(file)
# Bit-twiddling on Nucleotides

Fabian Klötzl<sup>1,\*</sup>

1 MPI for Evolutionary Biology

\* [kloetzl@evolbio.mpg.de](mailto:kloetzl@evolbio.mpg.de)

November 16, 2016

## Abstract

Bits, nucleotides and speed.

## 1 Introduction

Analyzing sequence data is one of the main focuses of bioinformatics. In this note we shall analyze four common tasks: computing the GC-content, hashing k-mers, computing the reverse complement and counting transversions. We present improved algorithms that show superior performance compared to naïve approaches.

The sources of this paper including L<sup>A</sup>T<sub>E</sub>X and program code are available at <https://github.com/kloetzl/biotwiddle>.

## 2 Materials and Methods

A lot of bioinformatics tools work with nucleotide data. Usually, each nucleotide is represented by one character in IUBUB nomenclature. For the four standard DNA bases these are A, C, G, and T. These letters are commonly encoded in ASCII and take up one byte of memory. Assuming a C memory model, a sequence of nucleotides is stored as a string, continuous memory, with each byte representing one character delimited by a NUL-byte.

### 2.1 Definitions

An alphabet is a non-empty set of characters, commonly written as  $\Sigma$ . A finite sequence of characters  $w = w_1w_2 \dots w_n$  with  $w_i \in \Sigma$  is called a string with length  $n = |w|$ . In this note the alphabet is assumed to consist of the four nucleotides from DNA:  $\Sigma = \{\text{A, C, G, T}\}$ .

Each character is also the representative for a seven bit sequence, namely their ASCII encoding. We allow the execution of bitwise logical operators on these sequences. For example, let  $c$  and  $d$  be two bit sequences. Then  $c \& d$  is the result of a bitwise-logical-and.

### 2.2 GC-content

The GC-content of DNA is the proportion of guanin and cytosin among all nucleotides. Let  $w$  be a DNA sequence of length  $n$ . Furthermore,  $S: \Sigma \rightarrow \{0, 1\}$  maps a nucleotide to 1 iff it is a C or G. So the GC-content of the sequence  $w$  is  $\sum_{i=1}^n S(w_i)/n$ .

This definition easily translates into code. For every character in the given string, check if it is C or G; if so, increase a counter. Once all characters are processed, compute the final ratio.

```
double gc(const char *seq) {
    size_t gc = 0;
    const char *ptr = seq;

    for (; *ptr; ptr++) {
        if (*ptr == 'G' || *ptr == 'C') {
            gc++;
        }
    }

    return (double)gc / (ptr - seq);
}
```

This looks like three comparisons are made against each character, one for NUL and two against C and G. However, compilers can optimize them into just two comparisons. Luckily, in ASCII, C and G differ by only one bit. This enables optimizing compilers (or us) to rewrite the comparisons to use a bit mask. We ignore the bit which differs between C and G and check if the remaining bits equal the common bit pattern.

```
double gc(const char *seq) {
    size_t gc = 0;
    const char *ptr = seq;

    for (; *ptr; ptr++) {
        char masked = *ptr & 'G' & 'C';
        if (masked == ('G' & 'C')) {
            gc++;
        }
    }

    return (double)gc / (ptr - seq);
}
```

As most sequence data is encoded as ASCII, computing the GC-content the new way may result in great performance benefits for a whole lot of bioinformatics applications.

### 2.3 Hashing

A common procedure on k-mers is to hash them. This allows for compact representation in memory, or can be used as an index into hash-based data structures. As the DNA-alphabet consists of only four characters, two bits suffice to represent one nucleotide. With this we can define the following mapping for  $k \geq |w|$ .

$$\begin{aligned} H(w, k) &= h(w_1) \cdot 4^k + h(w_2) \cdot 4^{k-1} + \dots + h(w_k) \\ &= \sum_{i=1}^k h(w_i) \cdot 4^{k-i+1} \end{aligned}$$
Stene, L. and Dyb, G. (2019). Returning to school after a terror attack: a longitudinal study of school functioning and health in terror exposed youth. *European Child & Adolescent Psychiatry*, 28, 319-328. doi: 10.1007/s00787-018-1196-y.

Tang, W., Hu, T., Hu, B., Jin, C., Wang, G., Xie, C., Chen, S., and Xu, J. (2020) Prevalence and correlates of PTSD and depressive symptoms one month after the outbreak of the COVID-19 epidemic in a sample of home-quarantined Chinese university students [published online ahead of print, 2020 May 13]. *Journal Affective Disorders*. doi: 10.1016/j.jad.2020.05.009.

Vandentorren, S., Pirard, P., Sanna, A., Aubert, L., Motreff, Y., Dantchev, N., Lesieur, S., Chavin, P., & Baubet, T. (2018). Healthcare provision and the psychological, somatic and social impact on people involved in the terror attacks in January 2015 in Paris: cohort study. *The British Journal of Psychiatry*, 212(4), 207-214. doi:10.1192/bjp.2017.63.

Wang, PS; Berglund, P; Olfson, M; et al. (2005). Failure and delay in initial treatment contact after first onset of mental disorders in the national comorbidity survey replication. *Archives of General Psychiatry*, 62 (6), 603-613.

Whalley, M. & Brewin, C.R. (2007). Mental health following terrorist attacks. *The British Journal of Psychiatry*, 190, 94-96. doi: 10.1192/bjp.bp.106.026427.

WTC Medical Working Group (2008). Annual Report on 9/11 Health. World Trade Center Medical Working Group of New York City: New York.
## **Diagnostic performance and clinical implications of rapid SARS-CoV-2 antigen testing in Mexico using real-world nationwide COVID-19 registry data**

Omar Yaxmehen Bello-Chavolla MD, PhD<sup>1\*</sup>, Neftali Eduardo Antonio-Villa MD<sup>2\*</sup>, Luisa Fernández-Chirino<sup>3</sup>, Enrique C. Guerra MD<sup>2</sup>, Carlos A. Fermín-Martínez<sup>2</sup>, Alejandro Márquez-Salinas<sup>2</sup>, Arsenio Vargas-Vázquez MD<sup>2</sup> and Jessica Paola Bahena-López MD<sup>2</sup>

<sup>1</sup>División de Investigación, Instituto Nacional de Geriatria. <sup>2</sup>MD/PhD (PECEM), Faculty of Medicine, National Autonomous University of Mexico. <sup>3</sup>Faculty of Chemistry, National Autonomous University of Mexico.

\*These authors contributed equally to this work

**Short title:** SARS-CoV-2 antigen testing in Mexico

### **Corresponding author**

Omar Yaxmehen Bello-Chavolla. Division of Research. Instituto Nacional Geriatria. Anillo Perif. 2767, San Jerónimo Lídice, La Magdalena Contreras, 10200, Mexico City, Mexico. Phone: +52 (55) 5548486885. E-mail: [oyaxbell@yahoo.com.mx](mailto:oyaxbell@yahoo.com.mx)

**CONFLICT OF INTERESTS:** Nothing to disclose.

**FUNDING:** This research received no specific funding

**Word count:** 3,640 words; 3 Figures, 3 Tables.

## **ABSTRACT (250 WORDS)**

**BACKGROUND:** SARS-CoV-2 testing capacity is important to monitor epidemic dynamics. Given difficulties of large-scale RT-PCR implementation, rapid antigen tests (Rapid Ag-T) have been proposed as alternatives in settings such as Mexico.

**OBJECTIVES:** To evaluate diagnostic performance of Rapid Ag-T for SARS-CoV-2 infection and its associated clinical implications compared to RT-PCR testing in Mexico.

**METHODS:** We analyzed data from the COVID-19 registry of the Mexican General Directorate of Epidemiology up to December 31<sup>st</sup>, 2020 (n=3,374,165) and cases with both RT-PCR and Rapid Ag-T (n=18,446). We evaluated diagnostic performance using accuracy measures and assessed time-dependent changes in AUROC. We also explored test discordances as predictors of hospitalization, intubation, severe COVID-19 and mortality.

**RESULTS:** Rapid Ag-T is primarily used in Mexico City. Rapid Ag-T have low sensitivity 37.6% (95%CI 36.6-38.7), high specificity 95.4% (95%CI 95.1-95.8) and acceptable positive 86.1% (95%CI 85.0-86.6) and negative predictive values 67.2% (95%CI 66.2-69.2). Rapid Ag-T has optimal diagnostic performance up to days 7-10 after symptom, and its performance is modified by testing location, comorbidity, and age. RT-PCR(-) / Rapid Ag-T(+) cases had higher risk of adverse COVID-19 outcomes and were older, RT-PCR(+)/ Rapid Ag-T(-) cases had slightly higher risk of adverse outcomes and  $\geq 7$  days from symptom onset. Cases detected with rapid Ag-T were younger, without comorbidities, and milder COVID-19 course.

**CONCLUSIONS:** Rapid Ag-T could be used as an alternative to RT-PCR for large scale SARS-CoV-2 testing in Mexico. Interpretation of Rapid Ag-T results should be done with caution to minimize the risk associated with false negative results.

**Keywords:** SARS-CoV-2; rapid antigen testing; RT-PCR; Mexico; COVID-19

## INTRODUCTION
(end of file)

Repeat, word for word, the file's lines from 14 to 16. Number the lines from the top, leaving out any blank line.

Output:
An alphabet is a non-empty set of characters, commonly written as  $\Sigma$ . A finite sequence of characters  $w = w_1w_2 \dots w_n$  with  $w_i \in \Sigma$  is called a string with length  $n = |w|$ . In this note the alphabet is assumed to consist of the four nucleotides from DNA:  $\Sigma = \{\text{A, C, G, T}\}$ .

Each character is also the representative for a seven bit sequence, namely their ASCII encoding. We allow the execution of bitwise logical operators on these sequences. For example, let  $c$  and  $d$  be two bit sequences. Then  $c \& d$  is the result of a bitwise-logical-and.

### 2.2 GC-content